“Accept one another, then,
just as Christ accepted you,
in order to bring praise to God.”
Romans 15:7*

Accept: to receive with approval or favor, to welcome

Paul told the members of the church in Rome
to accept each other.
Which implies that the members of the church in Rome
were not accepting each other.

What was their problem?

To find out, we have to backtrack a bit, to Romans 14. It seems everybody was caught up in a debate about meat. Yes, meat. Specifically, meat that had been sacrificed to idols and then put up for sale in the marketplace. To eat this meat, or not to eat this meat — that was the burning question. The issue was dividing people and harming the church’s testimony in the community.

Paul called the believers out and said,
“You meat eaters, don’t look down on the ones who don’t eat meat.
You non-meat eaters, don’t condemn the meat-eaters.
Here’s the deal: God accepts both. So accept one another.”
(Romans 14:3, my paraphrase)

We don’t squabble about meat that is sacrificed to idols in our day. But we have our own “disputable matters” (Ro. 14:1). Plenty of them. Does Paul’s advice work if we substitute in our issues? Let’s put it to the test. (Words in italics are subbed in to the actual passage.)

The one who doesn’t wear a mask must not look down on the one who does, and the one who does wear a mask must not condemn the one who doesn’t, for God has accepted him. Therefore let us stop passing judgment on one another. If your brother is distressed because you don’t wear a mask, you are no longer acting in love. Do not, by your choices, destroy your brother for whom Christ died. Do not destroy the work of God for the sake of masks. (Romans 14:3, 13, 15, 20)

Yep, it works.

Paul leveled the playing field with the reminder that
every one of us has been accepted by Christ.
In all my sin and shame and stupidity,
Christ welcomed me in.
In that spirit,
we are commanded to accept each other.

But if we insist on digging in our heels
and disputing over opinions,
we rob God of the praise He is due.
Father, forgive us.

Help us, Your children, to accept one another.

*Part five in a series on “The One Anothers”


“Live in harmony with one another.” Romans 12:16*

#1) Harmony: pleasing arrangement of parts, melodious
Go ahead. Enjoy a few minutes of soul-melting harmoniousness.

#2) Dissonance: harsh discord, cacophony
Listen to this now. It’s only 55 seconds long.
It sounds a lot like my 2 year old granddaughter at the keyboard.

Any questions?
Be like #1.

Harmony is not unison. You don’t get harmony by everyone playing the same note. Harmony does not mean everyone thinks the same nor does the same. To live in harmony with one another is to live in such a way that you enrich and complement each other. Together you are more than any of you would be on your own. There is a display of beauty that comes from taking what is distinct and different and making it one.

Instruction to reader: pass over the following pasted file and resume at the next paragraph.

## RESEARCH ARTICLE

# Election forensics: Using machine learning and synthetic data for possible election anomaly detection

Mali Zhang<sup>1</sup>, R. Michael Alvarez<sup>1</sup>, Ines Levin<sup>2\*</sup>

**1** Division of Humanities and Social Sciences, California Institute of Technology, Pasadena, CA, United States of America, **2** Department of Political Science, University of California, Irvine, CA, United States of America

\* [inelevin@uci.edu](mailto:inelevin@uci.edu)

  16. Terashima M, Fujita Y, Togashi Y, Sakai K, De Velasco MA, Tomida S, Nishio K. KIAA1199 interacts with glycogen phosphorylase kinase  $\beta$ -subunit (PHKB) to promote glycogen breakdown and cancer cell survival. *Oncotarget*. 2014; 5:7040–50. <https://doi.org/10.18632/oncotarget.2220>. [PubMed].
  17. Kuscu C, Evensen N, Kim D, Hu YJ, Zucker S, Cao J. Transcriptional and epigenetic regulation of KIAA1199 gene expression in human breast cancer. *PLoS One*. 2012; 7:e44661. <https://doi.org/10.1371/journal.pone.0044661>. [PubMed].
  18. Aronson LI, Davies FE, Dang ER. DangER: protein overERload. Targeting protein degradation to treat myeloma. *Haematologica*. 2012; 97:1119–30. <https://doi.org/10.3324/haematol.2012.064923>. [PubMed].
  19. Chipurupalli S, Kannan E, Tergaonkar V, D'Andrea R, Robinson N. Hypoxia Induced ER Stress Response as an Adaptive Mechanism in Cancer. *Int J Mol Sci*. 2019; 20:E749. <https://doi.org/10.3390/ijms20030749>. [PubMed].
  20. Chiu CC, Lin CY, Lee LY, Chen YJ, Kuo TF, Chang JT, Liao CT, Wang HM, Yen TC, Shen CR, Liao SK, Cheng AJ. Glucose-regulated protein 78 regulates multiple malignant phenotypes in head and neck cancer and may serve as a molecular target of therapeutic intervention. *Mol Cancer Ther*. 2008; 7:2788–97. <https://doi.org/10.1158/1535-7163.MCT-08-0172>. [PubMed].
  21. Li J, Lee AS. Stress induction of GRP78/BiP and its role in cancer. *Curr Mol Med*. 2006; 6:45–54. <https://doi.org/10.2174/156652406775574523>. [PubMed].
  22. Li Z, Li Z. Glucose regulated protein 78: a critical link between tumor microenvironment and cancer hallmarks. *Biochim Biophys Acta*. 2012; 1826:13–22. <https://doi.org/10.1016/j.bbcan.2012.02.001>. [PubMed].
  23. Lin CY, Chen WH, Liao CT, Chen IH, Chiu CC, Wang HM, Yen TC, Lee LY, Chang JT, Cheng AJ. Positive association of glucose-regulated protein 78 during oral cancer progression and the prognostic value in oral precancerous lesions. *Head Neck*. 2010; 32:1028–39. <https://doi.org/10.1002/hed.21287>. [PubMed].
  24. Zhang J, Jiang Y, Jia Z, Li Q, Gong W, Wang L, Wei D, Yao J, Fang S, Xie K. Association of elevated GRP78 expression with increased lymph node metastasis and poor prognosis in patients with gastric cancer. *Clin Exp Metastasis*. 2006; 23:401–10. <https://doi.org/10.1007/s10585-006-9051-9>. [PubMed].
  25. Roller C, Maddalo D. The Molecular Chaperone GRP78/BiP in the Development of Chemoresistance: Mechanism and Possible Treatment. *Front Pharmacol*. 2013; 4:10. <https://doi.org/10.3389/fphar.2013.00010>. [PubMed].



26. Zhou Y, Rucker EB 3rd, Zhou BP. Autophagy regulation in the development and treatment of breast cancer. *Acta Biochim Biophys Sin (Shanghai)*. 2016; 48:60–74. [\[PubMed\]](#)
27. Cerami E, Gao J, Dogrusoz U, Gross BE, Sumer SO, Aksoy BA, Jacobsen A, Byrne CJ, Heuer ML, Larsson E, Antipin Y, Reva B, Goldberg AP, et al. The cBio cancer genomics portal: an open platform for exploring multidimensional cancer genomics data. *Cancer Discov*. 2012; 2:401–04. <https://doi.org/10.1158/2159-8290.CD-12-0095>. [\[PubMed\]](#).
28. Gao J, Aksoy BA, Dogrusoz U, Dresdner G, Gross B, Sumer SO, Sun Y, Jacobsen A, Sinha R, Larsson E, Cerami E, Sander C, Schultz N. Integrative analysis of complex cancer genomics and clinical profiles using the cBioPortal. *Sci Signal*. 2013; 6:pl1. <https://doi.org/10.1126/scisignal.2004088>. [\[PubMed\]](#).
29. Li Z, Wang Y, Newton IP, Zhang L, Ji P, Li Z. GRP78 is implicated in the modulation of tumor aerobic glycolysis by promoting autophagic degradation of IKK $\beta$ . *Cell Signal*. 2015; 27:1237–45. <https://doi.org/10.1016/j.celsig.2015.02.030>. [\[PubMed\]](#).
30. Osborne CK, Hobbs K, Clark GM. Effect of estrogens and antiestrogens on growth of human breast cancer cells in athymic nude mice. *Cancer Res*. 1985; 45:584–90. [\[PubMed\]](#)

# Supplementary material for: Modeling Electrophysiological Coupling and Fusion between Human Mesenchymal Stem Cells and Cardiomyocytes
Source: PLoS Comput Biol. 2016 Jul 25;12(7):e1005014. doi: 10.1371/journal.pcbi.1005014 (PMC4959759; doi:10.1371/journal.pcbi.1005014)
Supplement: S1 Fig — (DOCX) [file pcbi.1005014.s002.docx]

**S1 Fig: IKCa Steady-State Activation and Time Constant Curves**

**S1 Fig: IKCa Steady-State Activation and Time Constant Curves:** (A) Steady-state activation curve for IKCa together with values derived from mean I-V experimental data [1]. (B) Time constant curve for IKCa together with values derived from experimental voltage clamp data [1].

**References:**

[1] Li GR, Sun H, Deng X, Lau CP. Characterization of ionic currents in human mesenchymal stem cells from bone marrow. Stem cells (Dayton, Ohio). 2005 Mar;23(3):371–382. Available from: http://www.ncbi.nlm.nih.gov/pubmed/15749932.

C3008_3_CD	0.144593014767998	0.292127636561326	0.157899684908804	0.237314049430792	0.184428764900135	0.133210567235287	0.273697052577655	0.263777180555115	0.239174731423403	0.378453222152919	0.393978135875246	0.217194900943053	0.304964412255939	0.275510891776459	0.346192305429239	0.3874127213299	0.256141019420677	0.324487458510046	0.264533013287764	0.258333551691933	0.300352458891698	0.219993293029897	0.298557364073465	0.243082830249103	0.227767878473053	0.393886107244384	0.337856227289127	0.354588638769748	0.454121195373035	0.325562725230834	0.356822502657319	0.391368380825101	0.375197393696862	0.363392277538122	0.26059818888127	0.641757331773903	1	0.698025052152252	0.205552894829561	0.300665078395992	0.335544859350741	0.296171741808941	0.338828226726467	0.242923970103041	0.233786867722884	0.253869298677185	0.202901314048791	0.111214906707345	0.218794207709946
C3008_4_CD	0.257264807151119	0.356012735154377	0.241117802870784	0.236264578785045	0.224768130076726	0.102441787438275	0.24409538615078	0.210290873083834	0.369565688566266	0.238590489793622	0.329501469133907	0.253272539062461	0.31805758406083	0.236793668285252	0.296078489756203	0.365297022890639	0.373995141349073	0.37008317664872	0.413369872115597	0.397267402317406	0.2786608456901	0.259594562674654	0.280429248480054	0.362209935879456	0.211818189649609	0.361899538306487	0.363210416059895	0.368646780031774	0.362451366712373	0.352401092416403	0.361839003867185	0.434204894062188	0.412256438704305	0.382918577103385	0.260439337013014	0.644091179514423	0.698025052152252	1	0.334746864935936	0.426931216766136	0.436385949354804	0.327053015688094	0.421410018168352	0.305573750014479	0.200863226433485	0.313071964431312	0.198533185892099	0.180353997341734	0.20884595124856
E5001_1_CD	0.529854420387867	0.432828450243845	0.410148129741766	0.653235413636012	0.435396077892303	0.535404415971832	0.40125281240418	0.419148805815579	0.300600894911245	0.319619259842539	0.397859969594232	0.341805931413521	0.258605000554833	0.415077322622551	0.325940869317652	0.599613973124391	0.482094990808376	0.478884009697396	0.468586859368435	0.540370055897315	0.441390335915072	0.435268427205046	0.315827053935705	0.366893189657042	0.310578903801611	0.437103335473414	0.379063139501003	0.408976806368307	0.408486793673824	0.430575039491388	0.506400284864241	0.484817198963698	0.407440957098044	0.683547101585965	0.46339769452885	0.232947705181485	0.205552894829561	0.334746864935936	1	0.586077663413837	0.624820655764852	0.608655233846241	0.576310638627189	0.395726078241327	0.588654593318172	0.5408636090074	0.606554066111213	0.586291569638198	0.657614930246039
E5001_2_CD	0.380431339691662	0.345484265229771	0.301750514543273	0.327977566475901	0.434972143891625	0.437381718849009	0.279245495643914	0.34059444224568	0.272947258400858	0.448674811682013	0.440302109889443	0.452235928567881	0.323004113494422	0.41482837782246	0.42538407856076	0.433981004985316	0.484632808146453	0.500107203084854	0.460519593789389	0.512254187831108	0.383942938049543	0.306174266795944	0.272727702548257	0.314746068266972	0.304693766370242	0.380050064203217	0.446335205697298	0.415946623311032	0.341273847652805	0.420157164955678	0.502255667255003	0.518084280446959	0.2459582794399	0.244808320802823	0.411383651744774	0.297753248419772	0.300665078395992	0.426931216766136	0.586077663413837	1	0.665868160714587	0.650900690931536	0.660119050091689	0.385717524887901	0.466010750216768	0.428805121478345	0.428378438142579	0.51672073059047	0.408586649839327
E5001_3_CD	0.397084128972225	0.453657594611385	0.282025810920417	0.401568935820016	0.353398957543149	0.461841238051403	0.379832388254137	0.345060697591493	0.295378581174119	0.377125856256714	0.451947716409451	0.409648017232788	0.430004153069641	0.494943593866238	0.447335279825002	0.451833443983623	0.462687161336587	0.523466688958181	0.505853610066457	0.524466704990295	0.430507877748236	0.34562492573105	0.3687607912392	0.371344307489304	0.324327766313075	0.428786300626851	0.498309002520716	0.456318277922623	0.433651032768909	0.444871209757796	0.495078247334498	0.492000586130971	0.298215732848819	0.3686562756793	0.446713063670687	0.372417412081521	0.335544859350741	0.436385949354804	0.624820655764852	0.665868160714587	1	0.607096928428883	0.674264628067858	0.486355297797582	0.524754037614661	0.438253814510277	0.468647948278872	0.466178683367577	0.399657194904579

Is there anything that is more desperately needed in our world today than this? Our country is tired of polarization, division and conflict. The world desperately needs to see something different, and God says, “Let it be seen in the church!”

Colin Smith @

Dear God, I want to be a harmonious contributor to the body of Christ. Help me to celebrate our shared purpose of bringing You glory. Equip me and empower me to add to the beauty of Your Bride, the church. Put a guard over my mouth when I’m tempted to spew out cacophony. Help us, Your children, to live in harmony with one another.

“May God, who gives this patience and encouragement, help you live in complete harmony with each other, as is fitting for followers of Christ Jesus. Then all of you can join together with one voice, giving praise and glory to God, the Father of our Lord Jesus Christ.” Romans 15:5-6

*Part three in a series on “The One Anothers”


“Outdo one another in showing honor.”*
Romans 12:10

When I was in 2nd grade, I was a Brownie. My friends and I walked to the Methodist church after school on Tuesdays. We put on our beanies and brown sashes and gathered around tables in the musty basement. We proudly stood, raised our three fingers and recited the oath:

On my honor, I will try:
To serve God and my country,
to help people at all times,
and to live by the Girl Scout Law.

It’s not a word that gets much attention these days.
So how do we honor each other, as commanded in the Bible?

The word honor in the original language is “time” (pronounced tee-may). It means:

  • to value the worth of every brother and sister in Christ.
  • to show genuine appreciation and admiration for fellow believers.
  • to give preference to one another, putting them first.
  • to acknowledge the accomplishments of others, without jealousy.
  • to extend to another the first opportunity.
  • to serve someone else, even at personal expense.
  • to value the relationship over being right.

Paul gave the same message to the believers in Philippi:

Put yourself aside,
and help others get ahead.
Don’t be obsessed with getting your own advantage.
Forget yourselves long enough to lend a helping hand.
Phil. 2:4 — The Message

Get beyond yourselves
and protecting your own interests; 
be sincere, and secure your neighbors’ interests first.

Phil. 2:4 — The Voice

That’s why it’s so hard to honor one another. It doesn’t come naturally. It takes great humility and unselfishness. We need the supernatural work of the Holy Spirit in us to pull this off. But can you see how amazing it would be if everyone in the faith community honored each other?